Travel Behaviour and Society
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Although transportation’s impacts on physical health are relatively well-established, the relationship between transportation and subjective well-being (SWB) has been the subject of recent focus. Policymakers attempt to improve the health and well-being of populations through interventions to improve transportation experiences and promote sustainable transport modes, while researchers studying these connections seek valid and reliable measures of SWB in the travel domain. Studies consistently find travel by walking and bicycling to be rated more positively than automobile travel, yet many use single measures of travel SWB, obscuring nuanced variations between modes.
Using the results of a Portland, Oregon, survey of nearly 700 commuters, this study investigates modal differences and other potential determinants of detailed, multidimensional measures of travel SWB. Specifically, the Satisfaction with Travel Scale as well as new measurement models of travel affect (distress, fear, attentiveness, and enjoyment) and travel eudaimonia (security, autonomy, confidence, and health) are examined for variations between modes. Structural equation models predicting the latent variable constructs as a function of trip and traveler characteristics yield valuable behavioral and psychological insights. Walking and bicycling rated much higher on measures of physical and mental health, confidence, positive affect, and overall hedonic well-being, suggesting significant benefits of physically active commutes. However, cycling commuters scored higher on distress and fear and lower on security, highlighting the value of multidimensional measures of travel SWB. Enhancing the quality of the traveling experience by various modes—such as making bicycling feel safer through protected infrastructure—could significantly improve commuters’ well-being.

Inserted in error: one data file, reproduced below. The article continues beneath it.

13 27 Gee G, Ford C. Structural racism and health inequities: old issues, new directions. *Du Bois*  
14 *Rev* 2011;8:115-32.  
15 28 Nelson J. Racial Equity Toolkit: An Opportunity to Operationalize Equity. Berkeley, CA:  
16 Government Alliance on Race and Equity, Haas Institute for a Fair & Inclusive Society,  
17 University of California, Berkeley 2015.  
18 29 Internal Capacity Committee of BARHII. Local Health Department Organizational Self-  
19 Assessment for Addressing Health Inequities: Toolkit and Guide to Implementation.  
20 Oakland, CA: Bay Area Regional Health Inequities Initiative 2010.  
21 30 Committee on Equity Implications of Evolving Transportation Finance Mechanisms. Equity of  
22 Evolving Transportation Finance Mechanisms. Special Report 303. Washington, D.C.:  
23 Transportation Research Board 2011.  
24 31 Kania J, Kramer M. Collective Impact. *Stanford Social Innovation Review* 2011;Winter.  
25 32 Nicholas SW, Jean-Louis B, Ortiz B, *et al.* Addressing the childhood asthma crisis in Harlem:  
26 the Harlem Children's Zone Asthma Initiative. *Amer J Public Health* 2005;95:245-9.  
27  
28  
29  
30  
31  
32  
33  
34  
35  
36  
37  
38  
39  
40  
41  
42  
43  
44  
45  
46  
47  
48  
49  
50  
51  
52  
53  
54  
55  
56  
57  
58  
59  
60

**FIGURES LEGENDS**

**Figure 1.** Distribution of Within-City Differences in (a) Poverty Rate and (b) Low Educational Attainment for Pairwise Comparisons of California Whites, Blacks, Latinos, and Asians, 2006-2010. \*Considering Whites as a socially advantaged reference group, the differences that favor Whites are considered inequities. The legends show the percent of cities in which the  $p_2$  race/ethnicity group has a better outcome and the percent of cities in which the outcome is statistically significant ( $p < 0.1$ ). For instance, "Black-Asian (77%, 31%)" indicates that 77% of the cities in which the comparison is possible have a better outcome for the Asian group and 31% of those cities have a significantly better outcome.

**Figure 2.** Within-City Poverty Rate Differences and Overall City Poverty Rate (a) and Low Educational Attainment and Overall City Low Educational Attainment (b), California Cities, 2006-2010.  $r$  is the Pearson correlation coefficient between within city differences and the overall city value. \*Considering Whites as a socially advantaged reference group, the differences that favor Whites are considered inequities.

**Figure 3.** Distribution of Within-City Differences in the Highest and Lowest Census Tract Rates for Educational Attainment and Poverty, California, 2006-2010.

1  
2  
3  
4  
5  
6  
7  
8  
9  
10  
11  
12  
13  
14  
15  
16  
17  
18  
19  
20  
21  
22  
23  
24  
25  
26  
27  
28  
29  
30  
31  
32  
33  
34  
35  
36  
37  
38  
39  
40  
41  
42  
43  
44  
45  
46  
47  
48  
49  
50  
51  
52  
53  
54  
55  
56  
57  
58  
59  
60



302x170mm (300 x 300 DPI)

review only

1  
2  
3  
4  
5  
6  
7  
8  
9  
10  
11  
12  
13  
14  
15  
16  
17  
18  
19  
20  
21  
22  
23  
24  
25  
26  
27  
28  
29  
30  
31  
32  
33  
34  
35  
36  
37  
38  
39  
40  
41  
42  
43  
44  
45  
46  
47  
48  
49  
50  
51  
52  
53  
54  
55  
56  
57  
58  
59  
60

Patrick A. Singleton, Walking (and cycling) to well-being: Modal and other determinants of subjective well-being during the commute, Travel Behaviour and Society 16 (2019), 249 – 261.